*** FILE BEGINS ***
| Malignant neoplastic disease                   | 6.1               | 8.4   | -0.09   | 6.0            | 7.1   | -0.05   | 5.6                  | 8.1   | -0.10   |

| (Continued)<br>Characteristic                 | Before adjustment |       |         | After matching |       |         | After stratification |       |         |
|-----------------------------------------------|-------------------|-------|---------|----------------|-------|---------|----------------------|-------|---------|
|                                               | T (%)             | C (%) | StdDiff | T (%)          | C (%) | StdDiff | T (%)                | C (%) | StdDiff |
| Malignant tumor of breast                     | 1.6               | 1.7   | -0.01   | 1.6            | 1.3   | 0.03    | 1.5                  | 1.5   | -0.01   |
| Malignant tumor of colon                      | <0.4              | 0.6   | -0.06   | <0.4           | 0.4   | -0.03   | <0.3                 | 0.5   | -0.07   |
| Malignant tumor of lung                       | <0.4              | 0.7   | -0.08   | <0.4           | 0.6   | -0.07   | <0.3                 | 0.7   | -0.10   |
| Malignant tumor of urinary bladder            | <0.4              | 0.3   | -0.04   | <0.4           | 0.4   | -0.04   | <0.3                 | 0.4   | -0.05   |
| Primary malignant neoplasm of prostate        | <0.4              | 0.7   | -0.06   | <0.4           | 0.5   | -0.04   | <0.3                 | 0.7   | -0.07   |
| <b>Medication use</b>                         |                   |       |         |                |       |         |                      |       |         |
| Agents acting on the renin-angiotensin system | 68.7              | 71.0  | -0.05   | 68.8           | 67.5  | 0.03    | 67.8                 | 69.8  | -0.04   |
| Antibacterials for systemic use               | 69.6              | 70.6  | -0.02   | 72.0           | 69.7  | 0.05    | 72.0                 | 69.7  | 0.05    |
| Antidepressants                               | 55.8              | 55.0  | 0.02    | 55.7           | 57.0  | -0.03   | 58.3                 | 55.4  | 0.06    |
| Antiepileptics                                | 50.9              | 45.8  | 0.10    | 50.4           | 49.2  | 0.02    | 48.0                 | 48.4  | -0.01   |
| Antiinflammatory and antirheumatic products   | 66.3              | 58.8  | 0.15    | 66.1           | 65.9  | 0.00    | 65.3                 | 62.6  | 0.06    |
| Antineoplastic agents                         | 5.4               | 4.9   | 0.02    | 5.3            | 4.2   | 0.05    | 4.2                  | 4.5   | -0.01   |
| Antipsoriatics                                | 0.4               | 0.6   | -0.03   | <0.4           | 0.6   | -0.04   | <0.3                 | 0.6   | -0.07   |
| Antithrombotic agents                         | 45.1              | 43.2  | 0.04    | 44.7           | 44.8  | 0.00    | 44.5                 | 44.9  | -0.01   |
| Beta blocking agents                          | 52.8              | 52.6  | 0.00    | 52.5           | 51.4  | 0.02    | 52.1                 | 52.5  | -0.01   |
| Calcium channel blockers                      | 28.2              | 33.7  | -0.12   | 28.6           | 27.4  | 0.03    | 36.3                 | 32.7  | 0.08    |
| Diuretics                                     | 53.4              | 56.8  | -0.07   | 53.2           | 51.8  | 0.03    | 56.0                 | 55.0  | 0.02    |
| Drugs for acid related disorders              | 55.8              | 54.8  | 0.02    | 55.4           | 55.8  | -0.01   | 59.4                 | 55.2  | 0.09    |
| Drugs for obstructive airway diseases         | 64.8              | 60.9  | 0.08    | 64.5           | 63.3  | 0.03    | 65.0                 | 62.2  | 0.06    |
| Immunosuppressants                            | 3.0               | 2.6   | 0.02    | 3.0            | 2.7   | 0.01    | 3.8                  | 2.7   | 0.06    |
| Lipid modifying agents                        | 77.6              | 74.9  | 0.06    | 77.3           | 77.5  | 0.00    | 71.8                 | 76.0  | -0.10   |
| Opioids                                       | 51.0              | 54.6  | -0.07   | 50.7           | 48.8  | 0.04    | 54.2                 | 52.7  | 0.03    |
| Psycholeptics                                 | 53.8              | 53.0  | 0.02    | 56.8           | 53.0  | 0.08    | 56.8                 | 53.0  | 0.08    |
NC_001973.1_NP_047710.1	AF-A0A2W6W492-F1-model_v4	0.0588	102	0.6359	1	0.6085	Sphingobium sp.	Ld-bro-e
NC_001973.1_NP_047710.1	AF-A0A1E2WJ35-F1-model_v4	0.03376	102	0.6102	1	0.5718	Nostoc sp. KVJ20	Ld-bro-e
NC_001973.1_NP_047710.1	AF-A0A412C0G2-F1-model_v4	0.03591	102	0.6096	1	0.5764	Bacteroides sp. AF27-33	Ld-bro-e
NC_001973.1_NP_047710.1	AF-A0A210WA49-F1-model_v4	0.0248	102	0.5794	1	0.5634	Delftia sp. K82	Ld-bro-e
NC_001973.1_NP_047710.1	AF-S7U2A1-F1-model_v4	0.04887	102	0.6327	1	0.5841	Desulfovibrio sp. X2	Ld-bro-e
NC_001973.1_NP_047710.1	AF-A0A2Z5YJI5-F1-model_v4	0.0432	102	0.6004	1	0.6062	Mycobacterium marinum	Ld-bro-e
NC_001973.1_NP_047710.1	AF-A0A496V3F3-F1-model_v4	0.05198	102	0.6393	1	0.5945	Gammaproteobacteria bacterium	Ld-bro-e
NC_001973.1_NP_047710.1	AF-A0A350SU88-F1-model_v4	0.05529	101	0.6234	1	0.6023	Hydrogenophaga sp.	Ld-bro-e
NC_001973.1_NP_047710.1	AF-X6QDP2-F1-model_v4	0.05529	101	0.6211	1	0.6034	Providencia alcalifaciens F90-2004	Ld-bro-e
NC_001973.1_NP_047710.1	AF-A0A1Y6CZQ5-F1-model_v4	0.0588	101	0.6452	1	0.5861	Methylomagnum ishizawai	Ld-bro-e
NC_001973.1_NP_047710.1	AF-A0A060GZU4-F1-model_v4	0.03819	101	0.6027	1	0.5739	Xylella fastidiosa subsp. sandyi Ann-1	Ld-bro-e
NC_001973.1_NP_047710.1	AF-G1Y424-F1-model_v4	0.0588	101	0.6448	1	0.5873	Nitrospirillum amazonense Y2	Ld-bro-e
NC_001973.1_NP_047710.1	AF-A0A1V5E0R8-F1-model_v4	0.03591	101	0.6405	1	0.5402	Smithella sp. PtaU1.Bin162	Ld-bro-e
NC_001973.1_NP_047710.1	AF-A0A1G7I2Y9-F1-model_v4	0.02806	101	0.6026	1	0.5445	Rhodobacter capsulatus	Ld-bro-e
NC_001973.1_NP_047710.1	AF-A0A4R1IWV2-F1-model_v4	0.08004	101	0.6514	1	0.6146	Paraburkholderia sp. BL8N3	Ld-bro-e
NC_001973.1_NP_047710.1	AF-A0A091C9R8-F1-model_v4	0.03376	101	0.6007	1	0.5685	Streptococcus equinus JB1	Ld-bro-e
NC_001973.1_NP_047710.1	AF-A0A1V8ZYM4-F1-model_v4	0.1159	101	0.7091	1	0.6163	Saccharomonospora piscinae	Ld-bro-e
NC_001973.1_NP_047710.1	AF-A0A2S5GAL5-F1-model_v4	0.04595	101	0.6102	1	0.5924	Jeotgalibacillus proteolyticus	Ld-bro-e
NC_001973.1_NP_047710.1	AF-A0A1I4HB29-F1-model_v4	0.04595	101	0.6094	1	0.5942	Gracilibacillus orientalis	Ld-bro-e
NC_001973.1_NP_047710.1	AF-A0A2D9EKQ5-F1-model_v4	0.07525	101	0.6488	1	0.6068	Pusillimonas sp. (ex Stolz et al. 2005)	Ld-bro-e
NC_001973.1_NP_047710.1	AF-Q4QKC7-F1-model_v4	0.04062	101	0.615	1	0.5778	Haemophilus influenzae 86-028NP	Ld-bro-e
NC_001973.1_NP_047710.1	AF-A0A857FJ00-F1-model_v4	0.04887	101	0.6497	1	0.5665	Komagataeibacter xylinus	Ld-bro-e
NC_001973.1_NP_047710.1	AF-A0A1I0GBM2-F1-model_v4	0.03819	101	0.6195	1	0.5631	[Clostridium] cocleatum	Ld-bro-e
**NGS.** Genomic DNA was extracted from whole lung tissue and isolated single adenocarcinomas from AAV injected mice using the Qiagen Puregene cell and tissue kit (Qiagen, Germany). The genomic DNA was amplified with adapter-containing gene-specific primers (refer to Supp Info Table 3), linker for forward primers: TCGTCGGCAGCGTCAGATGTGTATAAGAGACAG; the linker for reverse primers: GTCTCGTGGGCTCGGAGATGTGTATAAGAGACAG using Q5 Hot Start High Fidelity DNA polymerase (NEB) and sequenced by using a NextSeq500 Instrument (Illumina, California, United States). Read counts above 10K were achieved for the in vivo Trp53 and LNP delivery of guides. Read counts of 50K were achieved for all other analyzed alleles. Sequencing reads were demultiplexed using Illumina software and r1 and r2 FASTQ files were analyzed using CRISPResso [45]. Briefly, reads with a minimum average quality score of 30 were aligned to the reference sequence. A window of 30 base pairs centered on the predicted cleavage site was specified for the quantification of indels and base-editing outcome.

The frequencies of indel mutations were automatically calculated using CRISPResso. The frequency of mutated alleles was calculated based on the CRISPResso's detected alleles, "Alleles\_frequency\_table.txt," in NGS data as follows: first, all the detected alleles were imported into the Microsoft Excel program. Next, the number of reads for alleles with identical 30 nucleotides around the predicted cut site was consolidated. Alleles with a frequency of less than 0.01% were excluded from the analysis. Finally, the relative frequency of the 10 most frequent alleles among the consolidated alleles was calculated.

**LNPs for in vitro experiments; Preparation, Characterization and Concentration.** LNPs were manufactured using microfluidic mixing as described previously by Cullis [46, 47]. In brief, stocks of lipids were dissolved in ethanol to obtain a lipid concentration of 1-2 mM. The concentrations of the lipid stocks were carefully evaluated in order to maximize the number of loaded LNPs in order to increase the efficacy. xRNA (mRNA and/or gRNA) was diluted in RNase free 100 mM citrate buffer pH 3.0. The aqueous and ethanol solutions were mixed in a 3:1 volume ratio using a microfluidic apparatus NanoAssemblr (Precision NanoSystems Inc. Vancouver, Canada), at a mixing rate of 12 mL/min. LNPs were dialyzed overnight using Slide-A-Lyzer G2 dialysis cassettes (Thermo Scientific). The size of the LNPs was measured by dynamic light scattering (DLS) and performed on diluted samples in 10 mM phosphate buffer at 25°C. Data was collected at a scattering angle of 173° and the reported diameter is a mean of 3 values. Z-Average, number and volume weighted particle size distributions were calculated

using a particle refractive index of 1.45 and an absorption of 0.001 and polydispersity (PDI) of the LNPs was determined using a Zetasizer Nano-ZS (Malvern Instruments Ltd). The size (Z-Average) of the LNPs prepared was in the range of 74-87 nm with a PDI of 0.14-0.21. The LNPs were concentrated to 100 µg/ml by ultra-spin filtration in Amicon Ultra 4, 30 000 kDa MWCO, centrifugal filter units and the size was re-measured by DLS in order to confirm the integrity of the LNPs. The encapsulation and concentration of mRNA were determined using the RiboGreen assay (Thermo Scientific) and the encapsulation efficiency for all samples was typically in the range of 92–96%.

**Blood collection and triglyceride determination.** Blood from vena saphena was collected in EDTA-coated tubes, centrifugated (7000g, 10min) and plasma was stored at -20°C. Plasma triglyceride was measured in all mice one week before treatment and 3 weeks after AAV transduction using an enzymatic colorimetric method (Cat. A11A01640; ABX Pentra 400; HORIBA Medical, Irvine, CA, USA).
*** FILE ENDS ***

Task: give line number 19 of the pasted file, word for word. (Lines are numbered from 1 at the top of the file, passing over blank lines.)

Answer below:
| Beta blocking agents                          | 52.8              | 52.6  | 0.00    | 52.5           | 51.4  | 0.02    | 52.1                 | 52.5  | -0.01   |